Dos and Don’ts When Recruiting a Rural Workforce in East Africa

Hiring a rural workforce in an emerging market comes with all sorts of challenges as OnFrontiers expert and social entrepreneur Nat Robinson soon found out. Nat spent nearly five years as CEO of Juhudi Kilimo, an agricultural microfinance company based in Nairobi. He’s also the author of Creating a Cash Cow in Kenya: Adventures in Starting a Social Business and Living in Africa. Nat wrote up some tricks of the trade and methods to avoid based on his experience:

I serve as a mentor for the Unreasonable Institute East Africa program in Uganda, and I get a lot of questions from entrepreneurs about the challenges of recruiting rural sales or services staff in East Africa. It is a tough problem. I do not have any real answers. I can at least share some of the things I tried when I was CEO at Juhudi Kilimo. My company operated 20 rural branch offices and employed 175 employees to provide financial services to some extremely remote communities across Kenya. I spent years traveling to these offices and trying to find the best ways to operate a low-cost service business.

Hiring and retaining rural staff in Kenya (especially managers) was a constant headache. We faced a limited talent pool for young and qualified loan officers. Most rural youth move to cities to seek opportunities or to attend school. Those who stay could get much higher salaries at the rural branches of big banks or international NGOs. Here are some of the things I tried:

Target the domestic diaspora

We found a niche in Nairobi with young professionals and graduates who grew up in rural Kenya’s “up country” and then moved to the city to complete a university degree. These candidates demonstrated their interest in relocating closer to their family in smaller towns across the country. The cost-of-living advantages alone are substantial. However, we learned not to send a loan officer to work directly with a home community. It helped our business if our employee could speak the local dialect, but letting a loan officer provide loans to his or her own extended family members was never a good idea for obvious reasons.

Support advancement opportunities

One of the challenges of sending young, ambitious professionals to work in smaller towns is the lack of part-time opportunities for higher education. Some of the larger towns in Kenya had satellite campuses that were tied to the national universities and offered night or weekend courses. For the more remote villages, the only options were distance learning programs or online courses. Organizations like the African Management Initiative can provide fantastic remote learning platforms. We encouraged our employees by providing extremely popular staff loans for education.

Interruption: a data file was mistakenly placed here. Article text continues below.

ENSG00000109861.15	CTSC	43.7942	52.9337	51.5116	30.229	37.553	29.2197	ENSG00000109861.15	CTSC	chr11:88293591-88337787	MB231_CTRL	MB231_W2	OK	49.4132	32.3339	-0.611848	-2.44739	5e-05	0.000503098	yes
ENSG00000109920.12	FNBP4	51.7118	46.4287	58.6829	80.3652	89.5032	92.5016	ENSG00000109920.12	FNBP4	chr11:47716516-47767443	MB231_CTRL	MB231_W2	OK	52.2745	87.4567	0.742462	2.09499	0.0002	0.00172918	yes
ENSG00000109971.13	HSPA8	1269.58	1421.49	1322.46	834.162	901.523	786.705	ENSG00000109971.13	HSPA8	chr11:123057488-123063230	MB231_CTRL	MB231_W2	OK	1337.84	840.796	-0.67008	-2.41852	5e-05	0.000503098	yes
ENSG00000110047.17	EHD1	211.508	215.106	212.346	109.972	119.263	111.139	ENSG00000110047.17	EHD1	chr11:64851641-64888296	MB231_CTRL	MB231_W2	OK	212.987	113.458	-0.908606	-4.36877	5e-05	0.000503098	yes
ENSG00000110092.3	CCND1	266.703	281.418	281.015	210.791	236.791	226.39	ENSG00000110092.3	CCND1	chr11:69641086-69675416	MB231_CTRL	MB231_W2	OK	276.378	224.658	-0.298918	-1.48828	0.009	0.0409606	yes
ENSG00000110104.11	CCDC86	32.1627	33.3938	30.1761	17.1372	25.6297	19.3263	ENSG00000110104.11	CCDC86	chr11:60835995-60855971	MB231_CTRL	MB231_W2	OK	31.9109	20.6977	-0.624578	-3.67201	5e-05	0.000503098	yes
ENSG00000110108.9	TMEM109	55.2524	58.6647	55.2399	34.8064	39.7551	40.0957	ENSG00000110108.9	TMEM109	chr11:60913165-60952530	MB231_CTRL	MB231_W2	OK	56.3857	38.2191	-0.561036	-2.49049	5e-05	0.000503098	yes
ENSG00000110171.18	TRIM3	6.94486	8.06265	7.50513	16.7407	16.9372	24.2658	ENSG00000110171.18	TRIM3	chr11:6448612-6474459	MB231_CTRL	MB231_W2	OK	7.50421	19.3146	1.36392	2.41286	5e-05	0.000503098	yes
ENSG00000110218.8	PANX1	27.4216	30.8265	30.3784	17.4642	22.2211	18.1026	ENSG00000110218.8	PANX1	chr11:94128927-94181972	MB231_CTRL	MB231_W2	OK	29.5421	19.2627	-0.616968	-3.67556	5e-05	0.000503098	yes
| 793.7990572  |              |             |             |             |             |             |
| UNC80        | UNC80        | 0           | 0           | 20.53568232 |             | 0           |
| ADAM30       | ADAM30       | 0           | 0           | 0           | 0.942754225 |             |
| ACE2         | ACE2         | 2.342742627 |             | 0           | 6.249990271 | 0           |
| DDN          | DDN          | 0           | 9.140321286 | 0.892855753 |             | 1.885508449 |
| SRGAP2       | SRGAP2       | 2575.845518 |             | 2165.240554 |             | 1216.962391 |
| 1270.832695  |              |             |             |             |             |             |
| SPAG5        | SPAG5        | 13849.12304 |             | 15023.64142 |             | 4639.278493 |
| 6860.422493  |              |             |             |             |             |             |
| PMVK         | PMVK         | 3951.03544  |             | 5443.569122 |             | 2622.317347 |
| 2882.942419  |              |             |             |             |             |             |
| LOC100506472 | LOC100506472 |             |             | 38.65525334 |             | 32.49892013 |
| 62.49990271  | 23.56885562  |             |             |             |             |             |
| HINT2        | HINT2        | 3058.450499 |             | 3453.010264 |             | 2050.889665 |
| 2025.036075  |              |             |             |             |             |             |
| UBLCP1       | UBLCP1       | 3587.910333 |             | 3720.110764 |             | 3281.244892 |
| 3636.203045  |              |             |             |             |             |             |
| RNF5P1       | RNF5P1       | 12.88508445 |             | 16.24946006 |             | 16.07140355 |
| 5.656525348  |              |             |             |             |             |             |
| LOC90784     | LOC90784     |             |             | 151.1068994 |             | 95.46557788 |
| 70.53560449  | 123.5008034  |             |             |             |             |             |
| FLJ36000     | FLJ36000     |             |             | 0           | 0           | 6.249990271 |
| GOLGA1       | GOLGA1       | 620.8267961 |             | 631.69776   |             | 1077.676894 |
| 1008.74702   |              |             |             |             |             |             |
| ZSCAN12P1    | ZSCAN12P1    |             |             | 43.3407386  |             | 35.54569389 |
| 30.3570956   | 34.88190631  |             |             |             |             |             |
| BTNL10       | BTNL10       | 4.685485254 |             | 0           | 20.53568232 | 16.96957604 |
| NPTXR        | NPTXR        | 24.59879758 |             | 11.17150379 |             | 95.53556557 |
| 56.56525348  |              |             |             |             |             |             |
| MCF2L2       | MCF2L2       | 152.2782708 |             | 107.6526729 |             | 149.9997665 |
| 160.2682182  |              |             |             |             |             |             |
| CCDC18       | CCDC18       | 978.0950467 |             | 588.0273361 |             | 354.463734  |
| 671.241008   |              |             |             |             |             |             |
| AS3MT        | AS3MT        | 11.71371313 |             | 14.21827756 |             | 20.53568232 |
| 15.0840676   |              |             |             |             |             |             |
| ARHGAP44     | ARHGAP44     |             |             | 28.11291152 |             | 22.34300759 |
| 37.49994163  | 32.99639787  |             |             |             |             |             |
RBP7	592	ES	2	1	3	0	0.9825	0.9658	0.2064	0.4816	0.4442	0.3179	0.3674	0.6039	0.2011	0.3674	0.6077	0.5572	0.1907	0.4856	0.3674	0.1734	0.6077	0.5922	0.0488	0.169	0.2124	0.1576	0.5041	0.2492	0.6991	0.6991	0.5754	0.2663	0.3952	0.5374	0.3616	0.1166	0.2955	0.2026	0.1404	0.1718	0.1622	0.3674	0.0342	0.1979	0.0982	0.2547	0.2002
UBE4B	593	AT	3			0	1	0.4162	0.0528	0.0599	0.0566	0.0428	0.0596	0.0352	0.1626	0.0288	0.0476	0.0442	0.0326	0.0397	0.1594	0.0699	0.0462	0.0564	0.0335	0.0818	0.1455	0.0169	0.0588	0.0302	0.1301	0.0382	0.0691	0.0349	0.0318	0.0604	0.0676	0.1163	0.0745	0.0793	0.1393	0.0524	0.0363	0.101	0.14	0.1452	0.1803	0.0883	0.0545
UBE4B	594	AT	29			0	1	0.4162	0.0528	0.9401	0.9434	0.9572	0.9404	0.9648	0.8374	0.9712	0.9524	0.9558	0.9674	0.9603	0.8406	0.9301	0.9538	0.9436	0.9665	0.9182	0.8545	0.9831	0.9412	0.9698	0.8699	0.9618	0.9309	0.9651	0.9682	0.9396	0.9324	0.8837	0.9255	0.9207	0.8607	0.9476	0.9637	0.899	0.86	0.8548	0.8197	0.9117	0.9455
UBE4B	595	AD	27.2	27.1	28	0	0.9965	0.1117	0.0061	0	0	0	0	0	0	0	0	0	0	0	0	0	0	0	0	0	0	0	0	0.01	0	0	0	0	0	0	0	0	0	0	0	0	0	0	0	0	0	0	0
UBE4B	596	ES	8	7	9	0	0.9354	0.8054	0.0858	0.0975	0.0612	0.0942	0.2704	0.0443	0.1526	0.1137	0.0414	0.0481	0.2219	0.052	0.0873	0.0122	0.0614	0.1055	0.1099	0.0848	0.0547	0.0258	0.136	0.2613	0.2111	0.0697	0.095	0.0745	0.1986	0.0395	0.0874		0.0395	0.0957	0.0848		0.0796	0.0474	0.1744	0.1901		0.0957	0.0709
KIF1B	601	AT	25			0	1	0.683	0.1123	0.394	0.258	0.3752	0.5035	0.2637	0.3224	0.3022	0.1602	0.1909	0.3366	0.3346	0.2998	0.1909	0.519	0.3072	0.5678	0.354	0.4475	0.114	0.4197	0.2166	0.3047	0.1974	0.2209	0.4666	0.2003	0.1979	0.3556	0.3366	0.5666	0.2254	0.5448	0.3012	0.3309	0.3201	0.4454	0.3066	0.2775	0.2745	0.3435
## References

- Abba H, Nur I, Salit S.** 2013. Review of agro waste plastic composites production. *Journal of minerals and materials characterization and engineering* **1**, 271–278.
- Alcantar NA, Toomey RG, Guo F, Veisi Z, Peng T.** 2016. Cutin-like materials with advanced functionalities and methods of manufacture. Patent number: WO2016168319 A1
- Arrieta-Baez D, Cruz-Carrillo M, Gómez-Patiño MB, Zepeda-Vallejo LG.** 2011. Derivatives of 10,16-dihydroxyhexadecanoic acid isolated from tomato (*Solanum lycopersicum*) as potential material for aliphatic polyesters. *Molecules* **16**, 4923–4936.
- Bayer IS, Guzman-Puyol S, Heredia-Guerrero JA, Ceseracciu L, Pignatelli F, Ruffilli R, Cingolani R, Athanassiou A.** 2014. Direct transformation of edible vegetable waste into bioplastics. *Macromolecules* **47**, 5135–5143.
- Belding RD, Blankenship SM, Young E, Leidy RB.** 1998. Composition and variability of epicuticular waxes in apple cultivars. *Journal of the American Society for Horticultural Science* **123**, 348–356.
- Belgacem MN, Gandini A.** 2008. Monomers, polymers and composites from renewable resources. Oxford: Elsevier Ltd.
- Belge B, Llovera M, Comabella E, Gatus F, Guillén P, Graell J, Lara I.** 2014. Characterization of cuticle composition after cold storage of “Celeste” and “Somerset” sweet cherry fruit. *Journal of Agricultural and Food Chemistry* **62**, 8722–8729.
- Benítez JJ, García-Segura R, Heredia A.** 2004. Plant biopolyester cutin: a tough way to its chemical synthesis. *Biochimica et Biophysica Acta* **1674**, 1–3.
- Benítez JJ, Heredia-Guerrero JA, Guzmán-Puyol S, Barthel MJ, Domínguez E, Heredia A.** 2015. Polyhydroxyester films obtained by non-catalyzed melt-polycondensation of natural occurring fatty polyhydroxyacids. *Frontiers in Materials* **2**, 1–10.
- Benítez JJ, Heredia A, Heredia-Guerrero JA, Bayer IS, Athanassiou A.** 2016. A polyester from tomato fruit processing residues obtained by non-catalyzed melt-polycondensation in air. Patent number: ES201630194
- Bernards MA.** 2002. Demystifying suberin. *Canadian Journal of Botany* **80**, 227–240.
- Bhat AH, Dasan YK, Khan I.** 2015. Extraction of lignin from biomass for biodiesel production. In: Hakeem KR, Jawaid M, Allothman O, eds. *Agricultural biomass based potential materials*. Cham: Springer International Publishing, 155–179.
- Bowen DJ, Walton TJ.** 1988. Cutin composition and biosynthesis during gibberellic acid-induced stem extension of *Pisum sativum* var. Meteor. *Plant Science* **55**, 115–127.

Beware of poaching managers

Recruiting rural managers is much more difficult than finding entry-level staff. We spent a lot of time (and money) grooming our junior staff to become managers, but this took a minimum of two years to complete. The faster option is to poach managers from competitor microfinance organizations or rural banks. Unfortunately, these employees tended to carry a lot of bad company culture baggage or a sense of entitlement with them.

Leverage other resources

I served on the steering committee of the TechnoServe STRYDE Program, which develops young professionals all over Kenya, Rwanda, Tanzania, and Uganda. We hired many loan officers through this fantastic program. We also established recruitment relationships with Strathmore University and the University of Nairobi, but some of our best recruits came through sites such as BrighterMonday. We did not have much success with any of the professional recruitment firms in Nairobi. I used Manpower to help with the initial screening of applicants sourced through websites or newspapers. This saved days of reviewing resumes.

This rural recruitment problem does get easier. Most of our new hires came from referrals from our existing staff after we had built up a reputation and a larger rural operation.


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Check out a related OnFrontiers blog: 5 Tips for Building and Motivating Your Team.

Featured image of loan officers in Kenya was taken by Nat Robinson.

One thought on “Dos and Don’ts When Recruiting a Rural Workforce in East Africa

  1. Though it was a different era when microfinance landscape in Kenya was a new horizon, as an entry level officer at Faulu Kenya Microfinance (Now Faulu Kenya Bank) I had opportunity of working both in Nairobi city’s slum areas, suburbs and rural communities building a varied community finance groups portfolio with similarly differing challenges and rewards. I concur with Nat on all points!
    What made a great employer and thus staff stay for reasonable stints of time included:
    1. Provision of a conducive environment for working and learning.
    2. A clear career progression path and opportunities grow into the next level.
    3. Customized staff loans towards personal development.
    4. An industry standard benefits package that included especially health insurance.
    5. A performance rewards system pitting branches and portfolio products against each other and encouraging professional development.

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